Friday, December 14, 2007


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"Better safe than sorry."

I don't like this phrase. I don't think it is wrong, but I don't like it. It assumes failure if something risky is attempted. I would much rather not have to experience the "sorry" but that does not mean that I always want to do what is "safe."

In C.S. Lewis's The Chronicles of Narnia, Aslan (who represents Jesus) is "not a tame Lion." He is dangerous, but good. Almost by definition, a Christian tries to live their life like Jesus. Jesus did not lead a "safe" life. I don't think he necessarily lived a reckless life, but it certainly wasn't safe.

There are certain risks that I take, and actually look forward to taking. There are others that I don't like taking. For example, I love to ski fast but I don't really like to drive fast. I'm willing to take risk with my job/career but I'm not willing to risk my finances at a poker table.

I'm sure there are risks that you can accept, and even look forward to. I'm also sure there are risks you'd rather not take.

I think taking risk is healthy. I think we are all meant to do it in one fashion or another.

This brings me to my next point. Our preceptions of other people taking risk.

I have a friend who was making significant money playing poker. When playing seriously he could easily make enough money to support a family. People who loved him (his family and some friends) didn't like the idea of him playing poker for a living. They thought it was too risky. He was fine with the risk. He had the ability to handle the risk. It wasn't foolproof, but nothing is. I'm sure if he was investing in the stock market to make a living his parents wouldn't think it was too risky. In really, playing the stock market and the poker table quite similar. It is the preception of the risk that is different.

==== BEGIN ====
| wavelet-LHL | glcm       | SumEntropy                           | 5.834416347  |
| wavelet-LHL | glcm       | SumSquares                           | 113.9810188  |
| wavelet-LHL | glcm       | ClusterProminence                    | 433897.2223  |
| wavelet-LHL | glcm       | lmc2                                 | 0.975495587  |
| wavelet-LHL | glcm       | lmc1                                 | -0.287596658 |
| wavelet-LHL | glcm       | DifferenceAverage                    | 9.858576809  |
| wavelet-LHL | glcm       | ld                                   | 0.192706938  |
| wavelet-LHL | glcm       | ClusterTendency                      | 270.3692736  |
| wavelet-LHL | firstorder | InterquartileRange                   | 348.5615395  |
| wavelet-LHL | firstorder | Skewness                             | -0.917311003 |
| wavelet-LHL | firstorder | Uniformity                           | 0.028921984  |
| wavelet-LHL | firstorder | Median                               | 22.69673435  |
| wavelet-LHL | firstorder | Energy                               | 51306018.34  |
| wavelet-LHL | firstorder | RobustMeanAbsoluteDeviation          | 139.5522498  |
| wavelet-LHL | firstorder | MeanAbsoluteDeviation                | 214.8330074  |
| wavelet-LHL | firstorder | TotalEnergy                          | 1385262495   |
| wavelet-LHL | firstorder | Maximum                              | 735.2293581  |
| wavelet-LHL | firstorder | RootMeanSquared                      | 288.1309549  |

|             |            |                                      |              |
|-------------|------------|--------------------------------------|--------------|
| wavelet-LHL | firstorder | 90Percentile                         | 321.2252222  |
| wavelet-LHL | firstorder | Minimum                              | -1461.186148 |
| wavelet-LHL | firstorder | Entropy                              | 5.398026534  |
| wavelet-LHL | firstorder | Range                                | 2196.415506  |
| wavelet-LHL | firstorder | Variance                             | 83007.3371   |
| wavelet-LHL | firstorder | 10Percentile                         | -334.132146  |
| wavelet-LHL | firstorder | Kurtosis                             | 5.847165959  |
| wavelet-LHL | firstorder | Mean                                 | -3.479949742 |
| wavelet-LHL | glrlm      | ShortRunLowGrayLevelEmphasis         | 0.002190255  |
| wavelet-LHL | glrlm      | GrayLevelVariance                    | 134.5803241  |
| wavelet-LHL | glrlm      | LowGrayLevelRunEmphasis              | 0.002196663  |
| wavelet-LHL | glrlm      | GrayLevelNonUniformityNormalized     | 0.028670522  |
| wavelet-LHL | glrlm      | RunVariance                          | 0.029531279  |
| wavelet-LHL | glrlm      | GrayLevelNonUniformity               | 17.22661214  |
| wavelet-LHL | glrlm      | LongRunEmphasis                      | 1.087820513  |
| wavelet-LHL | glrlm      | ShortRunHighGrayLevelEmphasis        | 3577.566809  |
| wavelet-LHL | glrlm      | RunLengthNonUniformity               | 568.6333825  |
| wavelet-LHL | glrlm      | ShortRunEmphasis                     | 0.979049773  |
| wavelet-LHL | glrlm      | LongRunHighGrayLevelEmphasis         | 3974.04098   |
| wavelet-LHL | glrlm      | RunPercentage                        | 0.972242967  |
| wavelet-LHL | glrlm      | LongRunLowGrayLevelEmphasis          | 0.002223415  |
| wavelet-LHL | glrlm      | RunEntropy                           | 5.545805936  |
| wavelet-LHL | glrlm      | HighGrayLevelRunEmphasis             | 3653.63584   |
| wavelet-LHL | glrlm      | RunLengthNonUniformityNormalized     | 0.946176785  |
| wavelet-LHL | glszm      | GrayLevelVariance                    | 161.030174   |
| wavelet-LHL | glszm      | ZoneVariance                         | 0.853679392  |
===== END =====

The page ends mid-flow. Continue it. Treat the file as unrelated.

He ended up giving up poker largely because of pressure from people who loved him.

People want the best for those that they love. They want comfort, safety and happiness for their beloved. In order to help them acheive comfort and happiness, they desire to minimize the risk of the beloved. There are two problem with this though: 1.) The preception of risk is always different for different people. What is overly risky and reckless for one person is perfectly reasonable for another. 2.) Comfort and safety do not equate to happiness. All too often people give into the pressure to be comfortable and safe, at the cost of satisfaction and happiness.

Aslan was not a tame lion. We were not made to be tame people.

To quote Pink Floyd, don't become "comfortably numb. "

Find your inner-lion. Let him/her out of his cage. While you're at it, help other people let their lions out of their cages.

1 comment:

  1. Hey, you don't know me, but I came across your page clicking on the "Golden CO" link in my blog; as I'm from Golden as well. Anyways, I see you're a skier, and you're attending H20's heli guide training. Good luck with that- what an amazing experience. Heli guiding is definitely my dream job. Way to go after it. I also noticed you and your wife were at the Packers vs. Raiders game at Lambeau Field... I was there too. Longtime Packer fan. Great game, eh? =) Funny to think there were multiple people there from Golden CO.

    Anyways, just thought I'd say 'ello. Nice blog, by the way... you seem quite insightful.